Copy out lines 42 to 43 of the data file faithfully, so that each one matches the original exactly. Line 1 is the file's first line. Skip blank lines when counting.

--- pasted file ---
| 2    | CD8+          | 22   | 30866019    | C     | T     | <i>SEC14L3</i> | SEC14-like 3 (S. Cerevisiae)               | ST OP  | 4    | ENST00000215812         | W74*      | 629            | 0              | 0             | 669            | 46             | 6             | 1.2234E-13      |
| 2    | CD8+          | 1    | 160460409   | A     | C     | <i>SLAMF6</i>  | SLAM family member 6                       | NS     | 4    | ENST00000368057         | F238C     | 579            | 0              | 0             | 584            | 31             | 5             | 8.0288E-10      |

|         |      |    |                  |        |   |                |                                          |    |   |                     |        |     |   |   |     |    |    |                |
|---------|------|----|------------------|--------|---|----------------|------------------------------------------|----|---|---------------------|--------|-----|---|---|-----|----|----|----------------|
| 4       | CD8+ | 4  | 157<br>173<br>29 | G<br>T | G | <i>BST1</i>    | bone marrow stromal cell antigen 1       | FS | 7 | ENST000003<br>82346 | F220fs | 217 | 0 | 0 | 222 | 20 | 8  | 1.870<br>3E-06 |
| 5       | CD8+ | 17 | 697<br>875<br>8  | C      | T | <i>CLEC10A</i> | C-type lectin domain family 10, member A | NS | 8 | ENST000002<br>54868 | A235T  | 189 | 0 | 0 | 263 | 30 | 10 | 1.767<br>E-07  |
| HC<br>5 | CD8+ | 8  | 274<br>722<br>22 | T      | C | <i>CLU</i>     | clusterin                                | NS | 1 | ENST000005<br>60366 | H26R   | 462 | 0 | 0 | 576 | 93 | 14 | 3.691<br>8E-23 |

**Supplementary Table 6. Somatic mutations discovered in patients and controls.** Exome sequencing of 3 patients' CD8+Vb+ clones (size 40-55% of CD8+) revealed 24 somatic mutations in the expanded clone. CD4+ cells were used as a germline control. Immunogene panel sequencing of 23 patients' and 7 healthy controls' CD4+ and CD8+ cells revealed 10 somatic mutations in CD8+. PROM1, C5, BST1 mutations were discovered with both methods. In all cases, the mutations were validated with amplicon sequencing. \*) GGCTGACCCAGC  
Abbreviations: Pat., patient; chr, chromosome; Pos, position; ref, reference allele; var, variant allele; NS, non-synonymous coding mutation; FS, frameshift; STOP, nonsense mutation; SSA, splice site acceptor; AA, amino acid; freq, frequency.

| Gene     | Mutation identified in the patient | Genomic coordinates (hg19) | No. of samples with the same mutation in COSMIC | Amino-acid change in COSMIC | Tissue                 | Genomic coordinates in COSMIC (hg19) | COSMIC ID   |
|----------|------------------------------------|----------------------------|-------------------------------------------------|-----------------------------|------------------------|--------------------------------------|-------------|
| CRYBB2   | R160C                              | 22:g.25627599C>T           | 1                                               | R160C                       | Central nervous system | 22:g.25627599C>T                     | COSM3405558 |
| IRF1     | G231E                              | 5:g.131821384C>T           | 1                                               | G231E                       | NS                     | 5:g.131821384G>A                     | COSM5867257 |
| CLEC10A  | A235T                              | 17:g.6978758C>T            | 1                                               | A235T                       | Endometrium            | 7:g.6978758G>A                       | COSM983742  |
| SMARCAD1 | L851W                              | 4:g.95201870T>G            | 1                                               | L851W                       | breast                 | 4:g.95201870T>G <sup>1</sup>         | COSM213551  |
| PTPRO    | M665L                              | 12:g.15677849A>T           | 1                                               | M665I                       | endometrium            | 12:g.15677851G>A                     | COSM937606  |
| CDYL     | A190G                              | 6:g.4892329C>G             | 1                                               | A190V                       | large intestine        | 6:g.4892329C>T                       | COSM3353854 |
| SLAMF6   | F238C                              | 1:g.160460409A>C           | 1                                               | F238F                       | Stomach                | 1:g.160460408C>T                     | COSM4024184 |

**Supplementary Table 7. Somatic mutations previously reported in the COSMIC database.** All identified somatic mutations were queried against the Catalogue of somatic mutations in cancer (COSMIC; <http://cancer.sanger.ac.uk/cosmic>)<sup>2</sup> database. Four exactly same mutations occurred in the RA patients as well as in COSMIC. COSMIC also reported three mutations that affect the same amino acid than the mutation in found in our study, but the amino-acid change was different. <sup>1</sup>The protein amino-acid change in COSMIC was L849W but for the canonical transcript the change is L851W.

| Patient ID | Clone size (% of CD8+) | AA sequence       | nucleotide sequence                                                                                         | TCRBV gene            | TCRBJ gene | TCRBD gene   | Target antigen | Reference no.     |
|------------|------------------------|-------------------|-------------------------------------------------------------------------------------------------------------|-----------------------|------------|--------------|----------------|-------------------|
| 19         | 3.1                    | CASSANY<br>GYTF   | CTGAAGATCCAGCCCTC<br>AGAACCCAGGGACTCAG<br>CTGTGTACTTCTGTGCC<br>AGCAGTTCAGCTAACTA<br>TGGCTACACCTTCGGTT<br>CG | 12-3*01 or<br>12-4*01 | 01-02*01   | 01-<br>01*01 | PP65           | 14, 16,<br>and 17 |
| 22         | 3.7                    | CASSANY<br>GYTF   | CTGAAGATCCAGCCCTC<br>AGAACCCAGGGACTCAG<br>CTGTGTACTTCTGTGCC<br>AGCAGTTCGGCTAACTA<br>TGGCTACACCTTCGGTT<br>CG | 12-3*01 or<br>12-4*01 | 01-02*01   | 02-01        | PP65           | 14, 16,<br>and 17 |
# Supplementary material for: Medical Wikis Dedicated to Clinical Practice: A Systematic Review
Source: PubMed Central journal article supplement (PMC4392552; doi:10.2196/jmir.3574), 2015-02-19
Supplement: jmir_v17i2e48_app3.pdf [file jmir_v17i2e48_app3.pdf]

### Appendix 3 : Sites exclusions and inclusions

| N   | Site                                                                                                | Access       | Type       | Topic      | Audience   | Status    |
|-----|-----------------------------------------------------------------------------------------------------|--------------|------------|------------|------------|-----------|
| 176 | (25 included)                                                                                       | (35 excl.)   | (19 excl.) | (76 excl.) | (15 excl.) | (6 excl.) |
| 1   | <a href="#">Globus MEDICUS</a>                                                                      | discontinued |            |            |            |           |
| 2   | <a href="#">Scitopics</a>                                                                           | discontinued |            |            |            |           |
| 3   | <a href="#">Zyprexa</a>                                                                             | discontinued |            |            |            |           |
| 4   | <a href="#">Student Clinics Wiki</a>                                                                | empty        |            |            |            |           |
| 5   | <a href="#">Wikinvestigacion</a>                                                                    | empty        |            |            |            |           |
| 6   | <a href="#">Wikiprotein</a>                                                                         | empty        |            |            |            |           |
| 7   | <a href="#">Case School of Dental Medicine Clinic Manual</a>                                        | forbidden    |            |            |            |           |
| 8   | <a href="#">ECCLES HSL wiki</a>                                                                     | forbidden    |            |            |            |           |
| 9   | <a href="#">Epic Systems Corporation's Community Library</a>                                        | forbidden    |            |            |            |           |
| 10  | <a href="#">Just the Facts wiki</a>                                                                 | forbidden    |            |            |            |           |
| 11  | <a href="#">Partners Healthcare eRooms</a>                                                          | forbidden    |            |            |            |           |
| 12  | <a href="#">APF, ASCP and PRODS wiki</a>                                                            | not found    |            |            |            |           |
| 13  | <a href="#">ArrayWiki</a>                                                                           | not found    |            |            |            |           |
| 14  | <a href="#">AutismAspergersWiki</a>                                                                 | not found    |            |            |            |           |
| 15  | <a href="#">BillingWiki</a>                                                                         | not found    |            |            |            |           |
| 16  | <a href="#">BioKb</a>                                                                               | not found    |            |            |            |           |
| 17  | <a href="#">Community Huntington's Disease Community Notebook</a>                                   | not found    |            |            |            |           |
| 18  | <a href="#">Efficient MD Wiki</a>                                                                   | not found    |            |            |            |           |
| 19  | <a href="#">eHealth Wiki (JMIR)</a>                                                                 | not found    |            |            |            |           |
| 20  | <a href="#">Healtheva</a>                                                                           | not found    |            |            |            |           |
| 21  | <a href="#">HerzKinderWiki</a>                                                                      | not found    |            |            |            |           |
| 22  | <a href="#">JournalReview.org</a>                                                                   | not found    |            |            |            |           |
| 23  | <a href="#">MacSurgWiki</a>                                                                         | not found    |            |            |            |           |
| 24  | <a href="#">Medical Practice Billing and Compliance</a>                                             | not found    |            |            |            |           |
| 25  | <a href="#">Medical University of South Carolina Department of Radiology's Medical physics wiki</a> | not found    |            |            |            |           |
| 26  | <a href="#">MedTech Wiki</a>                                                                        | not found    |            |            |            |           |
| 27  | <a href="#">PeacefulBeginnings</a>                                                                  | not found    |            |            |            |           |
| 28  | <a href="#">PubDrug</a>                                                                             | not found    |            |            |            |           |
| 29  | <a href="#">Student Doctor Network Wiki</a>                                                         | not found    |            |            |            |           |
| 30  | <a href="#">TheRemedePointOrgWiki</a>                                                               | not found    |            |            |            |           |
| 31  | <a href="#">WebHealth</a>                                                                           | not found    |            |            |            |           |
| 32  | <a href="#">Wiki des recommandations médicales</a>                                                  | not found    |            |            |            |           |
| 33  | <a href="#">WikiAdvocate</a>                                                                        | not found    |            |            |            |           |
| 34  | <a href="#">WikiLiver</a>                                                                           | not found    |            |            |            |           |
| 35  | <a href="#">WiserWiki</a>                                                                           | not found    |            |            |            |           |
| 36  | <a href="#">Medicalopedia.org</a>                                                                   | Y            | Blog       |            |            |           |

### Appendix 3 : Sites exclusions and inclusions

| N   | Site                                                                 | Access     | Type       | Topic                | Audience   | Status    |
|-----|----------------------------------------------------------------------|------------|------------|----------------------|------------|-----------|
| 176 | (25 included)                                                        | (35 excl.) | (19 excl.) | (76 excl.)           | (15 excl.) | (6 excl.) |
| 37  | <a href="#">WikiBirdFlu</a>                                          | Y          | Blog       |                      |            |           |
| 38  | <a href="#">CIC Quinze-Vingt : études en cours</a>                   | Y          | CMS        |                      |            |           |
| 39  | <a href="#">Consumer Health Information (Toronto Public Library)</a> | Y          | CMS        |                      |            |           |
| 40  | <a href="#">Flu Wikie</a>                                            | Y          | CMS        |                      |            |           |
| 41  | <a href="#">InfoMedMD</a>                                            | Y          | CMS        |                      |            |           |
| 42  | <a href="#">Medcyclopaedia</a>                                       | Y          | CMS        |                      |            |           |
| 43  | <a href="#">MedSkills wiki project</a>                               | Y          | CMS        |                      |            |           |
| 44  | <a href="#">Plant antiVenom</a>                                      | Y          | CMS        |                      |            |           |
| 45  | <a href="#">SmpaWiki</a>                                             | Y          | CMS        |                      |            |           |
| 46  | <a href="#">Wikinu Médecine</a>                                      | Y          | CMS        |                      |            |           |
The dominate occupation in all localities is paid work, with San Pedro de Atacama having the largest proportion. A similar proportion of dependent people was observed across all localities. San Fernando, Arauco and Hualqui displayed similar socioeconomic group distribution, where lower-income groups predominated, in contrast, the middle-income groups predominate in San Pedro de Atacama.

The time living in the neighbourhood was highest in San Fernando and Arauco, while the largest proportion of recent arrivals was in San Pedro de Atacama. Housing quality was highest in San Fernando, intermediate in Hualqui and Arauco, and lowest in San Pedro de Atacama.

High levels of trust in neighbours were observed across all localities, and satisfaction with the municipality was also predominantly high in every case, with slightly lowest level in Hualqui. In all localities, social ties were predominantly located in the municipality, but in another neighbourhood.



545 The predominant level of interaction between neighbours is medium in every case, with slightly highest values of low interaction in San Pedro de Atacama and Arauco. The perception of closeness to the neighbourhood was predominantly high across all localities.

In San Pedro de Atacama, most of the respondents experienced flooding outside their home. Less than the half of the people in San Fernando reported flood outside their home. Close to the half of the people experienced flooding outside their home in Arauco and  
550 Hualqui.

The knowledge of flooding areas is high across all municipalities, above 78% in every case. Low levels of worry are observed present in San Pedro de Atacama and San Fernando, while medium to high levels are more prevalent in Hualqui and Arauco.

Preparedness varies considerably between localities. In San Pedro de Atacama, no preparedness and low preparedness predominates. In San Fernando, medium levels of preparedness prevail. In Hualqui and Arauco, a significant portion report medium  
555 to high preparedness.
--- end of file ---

| 12  | <a href="#">APF, ASCP and PRODS wiki</a>                                                            | not found    |            |            |            |           |
| 13  | <a href="#">ArrayWiki</a>                                                                           | not found    |            |            |            |           |